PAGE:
Hegel and The Social Contract

by Anonymous

The first level of civil society is at the individual level. The second level of civil society is the group made up of the various individual and their interests. Under the first, each pursues its own desire, but for the individual to achieve all his goals must enter in relation to his fellow man in the social contract embodied by the second level called the group. They are in turn bound to the rules of the group. The group becomes a means for the individual, but the individual a means of the group. The social contract is the result of the dialectic, the agreement between the individuals in the society who share membership of the group and create mutual arrangements to progress their well being towards an absolute good society maximizing human progress on each level. The dialectic comes into play here. Hegel says: each individual asserts and satisfies himself by means of the other. The mutual recognition of consciousness is the necessary prerequisite for progress and action.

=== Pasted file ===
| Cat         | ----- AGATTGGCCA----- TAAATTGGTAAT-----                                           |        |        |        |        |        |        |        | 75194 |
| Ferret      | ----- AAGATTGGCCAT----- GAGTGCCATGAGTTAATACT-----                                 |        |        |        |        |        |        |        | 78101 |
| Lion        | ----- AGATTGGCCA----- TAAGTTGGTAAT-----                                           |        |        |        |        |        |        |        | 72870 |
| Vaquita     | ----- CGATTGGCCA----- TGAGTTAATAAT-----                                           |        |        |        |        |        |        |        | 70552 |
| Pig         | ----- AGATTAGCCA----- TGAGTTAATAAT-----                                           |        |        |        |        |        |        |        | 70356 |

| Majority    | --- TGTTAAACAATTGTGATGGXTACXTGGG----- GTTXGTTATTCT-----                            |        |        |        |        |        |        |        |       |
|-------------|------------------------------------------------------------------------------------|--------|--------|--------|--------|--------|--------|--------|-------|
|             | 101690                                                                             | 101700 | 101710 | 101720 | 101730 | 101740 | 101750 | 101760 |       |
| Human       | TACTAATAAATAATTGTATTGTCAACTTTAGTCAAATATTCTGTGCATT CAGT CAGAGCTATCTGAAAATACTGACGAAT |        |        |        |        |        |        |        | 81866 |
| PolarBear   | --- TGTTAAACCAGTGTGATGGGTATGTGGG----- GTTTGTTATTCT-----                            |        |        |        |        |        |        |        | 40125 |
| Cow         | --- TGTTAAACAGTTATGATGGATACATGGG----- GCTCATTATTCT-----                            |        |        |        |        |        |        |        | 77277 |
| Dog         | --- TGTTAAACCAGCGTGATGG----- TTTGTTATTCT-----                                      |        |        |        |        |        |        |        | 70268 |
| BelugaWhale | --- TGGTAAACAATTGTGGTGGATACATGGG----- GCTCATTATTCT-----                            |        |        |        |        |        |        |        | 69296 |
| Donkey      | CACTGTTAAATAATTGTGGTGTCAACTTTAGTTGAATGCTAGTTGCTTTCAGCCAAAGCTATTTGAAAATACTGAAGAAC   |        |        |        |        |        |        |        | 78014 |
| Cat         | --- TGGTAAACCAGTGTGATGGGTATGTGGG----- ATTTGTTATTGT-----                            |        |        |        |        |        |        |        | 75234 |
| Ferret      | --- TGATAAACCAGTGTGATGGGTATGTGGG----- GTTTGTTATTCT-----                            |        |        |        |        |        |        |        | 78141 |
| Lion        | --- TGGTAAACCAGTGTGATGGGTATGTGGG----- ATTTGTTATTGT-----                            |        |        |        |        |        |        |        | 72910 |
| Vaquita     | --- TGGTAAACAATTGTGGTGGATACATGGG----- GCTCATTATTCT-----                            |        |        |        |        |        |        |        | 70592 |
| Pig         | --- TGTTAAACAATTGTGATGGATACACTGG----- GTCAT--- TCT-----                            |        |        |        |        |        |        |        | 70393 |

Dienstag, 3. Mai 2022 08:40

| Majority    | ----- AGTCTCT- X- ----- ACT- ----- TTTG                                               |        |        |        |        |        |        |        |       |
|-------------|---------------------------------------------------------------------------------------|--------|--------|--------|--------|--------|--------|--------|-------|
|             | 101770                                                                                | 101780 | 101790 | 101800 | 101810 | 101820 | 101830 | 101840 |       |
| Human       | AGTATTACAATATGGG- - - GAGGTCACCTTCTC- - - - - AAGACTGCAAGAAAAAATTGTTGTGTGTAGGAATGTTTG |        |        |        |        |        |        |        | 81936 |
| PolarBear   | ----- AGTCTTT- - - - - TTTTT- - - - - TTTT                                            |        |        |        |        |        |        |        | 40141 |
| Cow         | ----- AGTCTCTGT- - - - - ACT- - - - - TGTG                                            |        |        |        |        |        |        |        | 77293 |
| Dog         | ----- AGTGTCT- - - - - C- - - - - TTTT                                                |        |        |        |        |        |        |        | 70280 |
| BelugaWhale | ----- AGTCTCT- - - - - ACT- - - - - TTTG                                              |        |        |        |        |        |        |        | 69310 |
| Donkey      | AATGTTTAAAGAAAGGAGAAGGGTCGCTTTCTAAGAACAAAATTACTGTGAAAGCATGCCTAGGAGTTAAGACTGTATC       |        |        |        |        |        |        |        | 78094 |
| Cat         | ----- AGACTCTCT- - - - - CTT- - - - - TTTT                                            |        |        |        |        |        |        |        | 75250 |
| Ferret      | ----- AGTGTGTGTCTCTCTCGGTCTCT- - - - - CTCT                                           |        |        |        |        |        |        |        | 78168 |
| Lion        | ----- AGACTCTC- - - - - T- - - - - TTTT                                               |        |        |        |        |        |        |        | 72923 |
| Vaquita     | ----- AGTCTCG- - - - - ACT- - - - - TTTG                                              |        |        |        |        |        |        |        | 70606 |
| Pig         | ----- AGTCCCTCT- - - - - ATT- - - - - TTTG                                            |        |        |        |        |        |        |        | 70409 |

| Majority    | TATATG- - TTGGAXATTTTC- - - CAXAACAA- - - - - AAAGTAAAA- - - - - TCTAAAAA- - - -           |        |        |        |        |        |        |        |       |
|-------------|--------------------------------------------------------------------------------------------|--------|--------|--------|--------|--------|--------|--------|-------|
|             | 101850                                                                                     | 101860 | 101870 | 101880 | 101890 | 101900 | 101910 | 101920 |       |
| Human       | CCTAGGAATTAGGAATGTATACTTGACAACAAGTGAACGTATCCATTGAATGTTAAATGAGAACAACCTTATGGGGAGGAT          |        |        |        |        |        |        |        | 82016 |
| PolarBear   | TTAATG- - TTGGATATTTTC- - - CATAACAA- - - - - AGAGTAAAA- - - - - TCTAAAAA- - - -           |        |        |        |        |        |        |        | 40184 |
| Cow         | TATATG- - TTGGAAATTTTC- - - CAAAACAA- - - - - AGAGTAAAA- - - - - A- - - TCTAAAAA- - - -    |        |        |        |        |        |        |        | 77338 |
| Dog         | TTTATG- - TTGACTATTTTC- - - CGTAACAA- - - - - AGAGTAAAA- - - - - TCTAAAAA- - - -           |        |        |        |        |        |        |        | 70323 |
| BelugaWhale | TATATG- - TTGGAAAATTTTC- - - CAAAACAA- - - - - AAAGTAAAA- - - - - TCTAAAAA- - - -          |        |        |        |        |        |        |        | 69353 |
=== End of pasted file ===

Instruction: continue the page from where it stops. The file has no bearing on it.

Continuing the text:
If my goal is to earning money for example, to maximize my economic interest, not only meeting others is a necessary means, but again I must be in a formal relationship with another person and they me, thus a mutual recognition of consciousness. The development of the mercantile society has precisely shown that every individual has become a means by which others satisfy their own needs. Let’s say I would like to drink a coffee in a cafe. This desire depends on the existence of the cafe owned by the coffee maker, and by asking for my coffee, I assert myself and satisfy myself by means of the of the other, while the owner seeks to support themselves and provide a service to their fellow man, and the coffee is then delivered to me, satisfying our mutual conscious desires. Finally, my well-being is mixed with that of all. We have used Hegelian categories to demonstrate that even the basic idea of each pursuing his or her particular individual self interest remains is in relation to the others, and dependent on others. This dialectic is the foundation of social relation.